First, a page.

dairy and pig farmers. A Paulownia plantation surrounding such a farm—in any
configuration—can help consume much of the run-off, while producing shade,
honey and wood at the same time.
Effluent from food processing plants (such as fish and
shrimp processing) can be piped to Paulownia plantations where it can enhance
the growth of trees, and the trees in turn can provide industry with carbon
credits. Paulownia will also flourish from the use of gray water and sewage
run-off. A friend planted a Paulownia directly above the end of a leach line to
his ranch sewer system. He never irrigated it, but it grew to well over 20 feet
tall in its first full growing season and is one of the healthiest Paulownias
I’ve seen. This tree (P. fortuneii) is now more than 60 feet high and
attracts much attention, especially when in blossom (mid-March to mid-April).
To benefit the land, Paulownia can be used to reclaim
mined areas, to prevent erosion, and can be planted on moderately toxic land
sites. However, I think intercropping with Paulownia is by far the most
land-benevolent use of this cultivar. Millions of acres around the world have
been used—or should I say “over-used and abused?”—for centuries by planting the
same annual crop (e.g. corn, cotton, wheat, rice, etc.). The topsoil, the root
zone for these annuals, is often exhausted. When you intercrop with Paulownia,
its roots reach down into soil perhaps never accessed by plant roots.
Paulownia roots—with the help of mycorrhizal
fungi—probe deep into the soil, drawing up untapped nutrients through the stem
or trunk, and eventually into the leaves where they are incorporated into
organic material until, like clockwork, this precious organic material is
broadcast in the large circle of the trees’ leaf litter. Because of the partial
shade, increased moisture, and this rich, high quality leaf-drop, the soil
begins the miraculous process of regeneration. Depleted soil that has been
over-fertilized, fumigated and often chemically choked is transformed and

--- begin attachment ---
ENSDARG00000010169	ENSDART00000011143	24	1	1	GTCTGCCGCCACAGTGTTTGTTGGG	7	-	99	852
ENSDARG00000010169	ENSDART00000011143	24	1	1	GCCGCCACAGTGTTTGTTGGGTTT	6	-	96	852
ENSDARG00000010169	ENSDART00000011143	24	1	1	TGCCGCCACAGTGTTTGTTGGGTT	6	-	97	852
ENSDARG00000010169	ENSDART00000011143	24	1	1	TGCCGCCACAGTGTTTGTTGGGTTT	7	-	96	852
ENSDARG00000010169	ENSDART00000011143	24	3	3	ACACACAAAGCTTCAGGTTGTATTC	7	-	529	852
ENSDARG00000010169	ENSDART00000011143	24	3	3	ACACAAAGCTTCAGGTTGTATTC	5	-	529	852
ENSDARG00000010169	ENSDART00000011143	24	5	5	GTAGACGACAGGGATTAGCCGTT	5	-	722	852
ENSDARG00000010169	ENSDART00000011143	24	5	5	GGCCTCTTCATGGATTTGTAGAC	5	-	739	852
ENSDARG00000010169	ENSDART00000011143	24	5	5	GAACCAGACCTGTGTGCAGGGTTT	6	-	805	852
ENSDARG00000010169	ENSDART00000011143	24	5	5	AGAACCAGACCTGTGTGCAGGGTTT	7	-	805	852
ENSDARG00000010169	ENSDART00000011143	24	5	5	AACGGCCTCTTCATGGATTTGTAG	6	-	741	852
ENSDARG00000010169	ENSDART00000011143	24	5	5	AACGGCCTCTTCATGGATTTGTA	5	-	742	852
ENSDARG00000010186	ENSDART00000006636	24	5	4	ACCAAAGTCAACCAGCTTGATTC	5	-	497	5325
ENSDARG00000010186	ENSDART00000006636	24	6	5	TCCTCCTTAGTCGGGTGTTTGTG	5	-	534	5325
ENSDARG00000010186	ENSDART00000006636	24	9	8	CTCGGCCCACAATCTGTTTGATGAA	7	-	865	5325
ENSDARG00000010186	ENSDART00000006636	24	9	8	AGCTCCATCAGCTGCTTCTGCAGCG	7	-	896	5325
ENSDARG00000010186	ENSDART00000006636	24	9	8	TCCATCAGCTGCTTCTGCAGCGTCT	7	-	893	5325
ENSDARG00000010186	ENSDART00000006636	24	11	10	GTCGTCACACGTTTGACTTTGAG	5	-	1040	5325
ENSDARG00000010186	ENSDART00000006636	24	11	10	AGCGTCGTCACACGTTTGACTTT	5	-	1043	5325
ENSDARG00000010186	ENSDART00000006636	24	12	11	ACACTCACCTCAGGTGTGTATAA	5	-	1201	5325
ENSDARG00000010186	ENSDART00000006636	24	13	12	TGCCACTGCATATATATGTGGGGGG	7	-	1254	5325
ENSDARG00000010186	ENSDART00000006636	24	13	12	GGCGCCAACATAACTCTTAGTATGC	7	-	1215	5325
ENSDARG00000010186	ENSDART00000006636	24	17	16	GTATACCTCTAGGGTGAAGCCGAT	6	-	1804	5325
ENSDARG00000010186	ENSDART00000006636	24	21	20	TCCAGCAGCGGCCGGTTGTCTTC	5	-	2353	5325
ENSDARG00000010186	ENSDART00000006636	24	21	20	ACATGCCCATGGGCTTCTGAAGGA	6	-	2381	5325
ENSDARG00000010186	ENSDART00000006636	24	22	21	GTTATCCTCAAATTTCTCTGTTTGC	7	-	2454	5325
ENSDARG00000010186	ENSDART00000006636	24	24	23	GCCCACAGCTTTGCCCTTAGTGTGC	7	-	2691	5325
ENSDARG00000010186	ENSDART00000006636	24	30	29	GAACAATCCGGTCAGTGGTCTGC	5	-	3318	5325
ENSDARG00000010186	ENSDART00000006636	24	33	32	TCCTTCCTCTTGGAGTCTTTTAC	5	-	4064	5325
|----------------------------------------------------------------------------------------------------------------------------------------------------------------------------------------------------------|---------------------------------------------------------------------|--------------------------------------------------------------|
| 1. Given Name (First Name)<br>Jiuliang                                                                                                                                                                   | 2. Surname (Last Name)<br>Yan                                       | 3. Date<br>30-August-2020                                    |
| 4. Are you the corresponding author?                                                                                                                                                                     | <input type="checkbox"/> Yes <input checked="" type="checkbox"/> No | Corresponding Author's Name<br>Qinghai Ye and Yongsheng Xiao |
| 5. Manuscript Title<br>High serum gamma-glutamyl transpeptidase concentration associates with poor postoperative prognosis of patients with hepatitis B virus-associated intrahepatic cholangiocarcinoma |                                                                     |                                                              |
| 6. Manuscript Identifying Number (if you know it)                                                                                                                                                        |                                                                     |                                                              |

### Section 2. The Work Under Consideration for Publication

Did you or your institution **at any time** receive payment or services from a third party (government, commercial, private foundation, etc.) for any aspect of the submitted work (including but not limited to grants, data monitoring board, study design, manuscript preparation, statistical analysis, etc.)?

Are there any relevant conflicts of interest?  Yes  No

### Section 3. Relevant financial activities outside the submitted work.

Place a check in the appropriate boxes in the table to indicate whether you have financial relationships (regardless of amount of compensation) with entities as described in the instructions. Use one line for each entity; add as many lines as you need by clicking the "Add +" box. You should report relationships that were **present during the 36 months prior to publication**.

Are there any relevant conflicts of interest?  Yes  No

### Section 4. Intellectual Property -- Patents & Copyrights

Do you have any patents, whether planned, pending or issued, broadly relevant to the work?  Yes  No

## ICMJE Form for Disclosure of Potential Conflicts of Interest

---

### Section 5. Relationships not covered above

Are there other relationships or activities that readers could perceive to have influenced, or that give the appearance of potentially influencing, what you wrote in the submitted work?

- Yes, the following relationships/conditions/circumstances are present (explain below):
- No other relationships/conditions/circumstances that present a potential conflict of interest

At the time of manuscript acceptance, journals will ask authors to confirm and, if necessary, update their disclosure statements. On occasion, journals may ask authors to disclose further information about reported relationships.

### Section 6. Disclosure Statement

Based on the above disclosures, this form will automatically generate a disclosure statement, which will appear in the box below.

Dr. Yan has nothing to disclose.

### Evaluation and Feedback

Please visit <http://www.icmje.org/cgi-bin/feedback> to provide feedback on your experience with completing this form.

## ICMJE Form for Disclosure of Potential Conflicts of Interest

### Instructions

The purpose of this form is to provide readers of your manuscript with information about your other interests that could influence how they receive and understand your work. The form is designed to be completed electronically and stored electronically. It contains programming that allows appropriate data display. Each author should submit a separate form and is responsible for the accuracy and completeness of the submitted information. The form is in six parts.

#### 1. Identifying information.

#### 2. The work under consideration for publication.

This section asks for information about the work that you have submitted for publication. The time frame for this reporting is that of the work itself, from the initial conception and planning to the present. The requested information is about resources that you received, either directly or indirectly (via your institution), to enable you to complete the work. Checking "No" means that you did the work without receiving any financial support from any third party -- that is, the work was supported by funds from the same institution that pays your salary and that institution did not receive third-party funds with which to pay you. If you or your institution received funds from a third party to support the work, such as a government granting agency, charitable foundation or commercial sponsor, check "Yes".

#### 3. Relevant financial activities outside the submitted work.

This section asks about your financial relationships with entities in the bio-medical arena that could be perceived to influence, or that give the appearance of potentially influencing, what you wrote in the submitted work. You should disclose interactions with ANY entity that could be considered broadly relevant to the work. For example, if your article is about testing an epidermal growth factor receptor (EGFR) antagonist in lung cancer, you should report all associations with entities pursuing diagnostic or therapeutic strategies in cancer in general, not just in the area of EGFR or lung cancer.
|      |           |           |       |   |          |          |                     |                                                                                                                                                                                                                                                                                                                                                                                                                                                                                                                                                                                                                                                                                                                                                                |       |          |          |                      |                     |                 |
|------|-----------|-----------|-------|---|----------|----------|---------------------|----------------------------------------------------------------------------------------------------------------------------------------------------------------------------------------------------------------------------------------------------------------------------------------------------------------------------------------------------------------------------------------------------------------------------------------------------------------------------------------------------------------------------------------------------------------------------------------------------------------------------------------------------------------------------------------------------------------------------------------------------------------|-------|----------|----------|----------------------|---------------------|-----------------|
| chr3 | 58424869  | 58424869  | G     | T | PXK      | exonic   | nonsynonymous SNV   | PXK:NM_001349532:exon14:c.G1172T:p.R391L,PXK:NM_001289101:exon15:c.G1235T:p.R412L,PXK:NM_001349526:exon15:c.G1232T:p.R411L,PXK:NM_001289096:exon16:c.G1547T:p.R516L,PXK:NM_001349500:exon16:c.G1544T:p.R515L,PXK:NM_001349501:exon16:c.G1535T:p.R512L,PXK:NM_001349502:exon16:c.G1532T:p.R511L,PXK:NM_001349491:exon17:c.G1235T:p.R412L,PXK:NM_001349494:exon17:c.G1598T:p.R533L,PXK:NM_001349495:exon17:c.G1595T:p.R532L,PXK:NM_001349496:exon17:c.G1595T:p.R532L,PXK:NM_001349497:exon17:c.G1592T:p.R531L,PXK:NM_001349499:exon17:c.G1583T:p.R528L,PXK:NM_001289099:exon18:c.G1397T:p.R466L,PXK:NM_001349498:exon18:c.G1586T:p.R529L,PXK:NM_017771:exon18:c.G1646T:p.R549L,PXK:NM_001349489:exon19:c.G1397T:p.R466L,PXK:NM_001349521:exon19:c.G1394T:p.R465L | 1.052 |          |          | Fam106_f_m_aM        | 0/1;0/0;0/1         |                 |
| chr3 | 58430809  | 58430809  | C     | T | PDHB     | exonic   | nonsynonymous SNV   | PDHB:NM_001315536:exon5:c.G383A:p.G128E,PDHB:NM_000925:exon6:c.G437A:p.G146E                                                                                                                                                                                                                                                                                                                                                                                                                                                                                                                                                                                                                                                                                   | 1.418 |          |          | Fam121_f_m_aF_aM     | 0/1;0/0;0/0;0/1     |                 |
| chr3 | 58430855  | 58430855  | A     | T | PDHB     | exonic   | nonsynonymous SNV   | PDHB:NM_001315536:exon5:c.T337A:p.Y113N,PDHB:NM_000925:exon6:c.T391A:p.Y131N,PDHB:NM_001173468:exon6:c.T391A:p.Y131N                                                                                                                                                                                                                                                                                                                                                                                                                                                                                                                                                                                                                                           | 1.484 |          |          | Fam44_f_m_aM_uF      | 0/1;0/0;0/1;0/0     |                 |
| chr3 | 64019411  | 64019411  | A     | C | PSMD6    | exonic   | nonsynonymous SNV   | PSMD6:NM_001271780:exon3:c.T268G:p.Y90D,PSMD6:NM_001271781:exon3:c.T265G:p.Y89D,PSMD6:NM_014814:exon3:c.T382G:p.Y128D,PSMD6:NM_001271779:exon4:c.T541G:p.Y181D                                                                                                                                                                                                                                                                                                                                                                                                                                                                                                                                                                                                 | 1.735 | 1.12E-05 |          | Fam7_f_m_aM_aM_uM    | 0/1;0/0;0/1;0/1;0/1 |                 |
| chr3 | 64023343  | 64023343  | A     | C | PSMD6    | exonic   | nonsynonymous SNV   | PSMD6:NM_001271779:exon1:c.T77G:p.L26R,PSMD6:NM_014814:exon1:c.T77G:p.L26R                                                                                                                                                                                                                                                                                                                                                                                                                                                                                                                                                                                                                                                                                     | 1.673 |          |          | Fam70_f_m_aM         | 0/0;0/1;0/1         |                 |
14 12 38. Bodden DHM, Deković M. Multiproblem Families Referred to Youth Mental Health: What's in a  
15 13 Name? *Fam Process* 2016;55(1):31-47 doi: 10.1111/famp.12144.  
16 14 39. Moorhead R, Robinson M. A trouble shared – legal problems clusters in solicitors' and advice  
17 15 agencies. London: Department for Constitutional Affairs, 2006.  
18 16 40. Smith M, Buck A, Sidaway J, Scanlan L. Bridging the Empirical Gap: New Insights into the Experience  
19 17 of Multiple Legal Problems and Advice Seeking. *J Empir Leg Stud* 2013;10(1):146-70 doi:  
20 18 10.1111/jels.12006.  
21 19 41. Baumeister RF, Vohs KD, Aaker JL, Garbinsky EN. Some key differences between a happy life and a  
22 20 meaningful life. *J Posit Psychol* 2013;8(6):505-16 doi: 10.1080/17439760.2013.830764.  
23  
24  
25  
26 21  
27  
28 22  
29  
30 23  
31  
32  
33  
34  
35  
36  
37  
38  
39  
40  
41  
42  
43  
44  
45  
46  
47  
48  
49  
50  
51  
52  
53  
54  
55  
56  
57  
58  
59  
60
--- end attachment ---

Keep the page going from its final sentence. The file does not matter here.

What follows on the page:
restored. A life-giving humus begins to form, and with it both flora and fauna
microorganisms begin to thrive.
These microorganisms, the basis of almost every
healthy ecosystem, begin to multiply on a non-stop, 24-hour basis. The soil is
on its way back to a dynamically alive micro-universe, where just a handful of
soil may contain millions of microbes.
You might be saying, “Why sure, all trees perform this
function in nature.” However, the quality of the Paulownia leaf-drop is unlike
that of many other tree and shrub species. Let’s take for an example the
eucalyptus tree. The eucalyptus is an invasive species that completely
dominates the area around it. In order to prevent competition from other
plants, the eucalyptus drops a toxic resin, making the soil uninviting to other
plants (a process called allelopathy).
Many plants develop a beneficial or symbiotic
relationship with a type of microscopic root fungus called “mycorrhizae,” to
help gather moisture and nutrients from the soil. It is known from fossil
records and genetic evidence that soil fungi were present at the time when
plants first colonized land. These fungi have co-evolved with plants to the
present state. The fungi form a symbiotic association with the cells of roots.
The host plant benefits from the presence of its fungal partner, in that mycorrhizal
roots are more efficient than non-mycorrhizal roots. With the help of these
fungi, plants can take-up far more of certain minerals than they otherwise
By inoculating our Paulownia roots with mycorrhizae
fungi at the nursery stage, we can reduce disease, increase growth, improve
stress resistance, and decrease transplant mortality. The result is a stronger
plant, and of course stronger plants are much less likely to be bothered by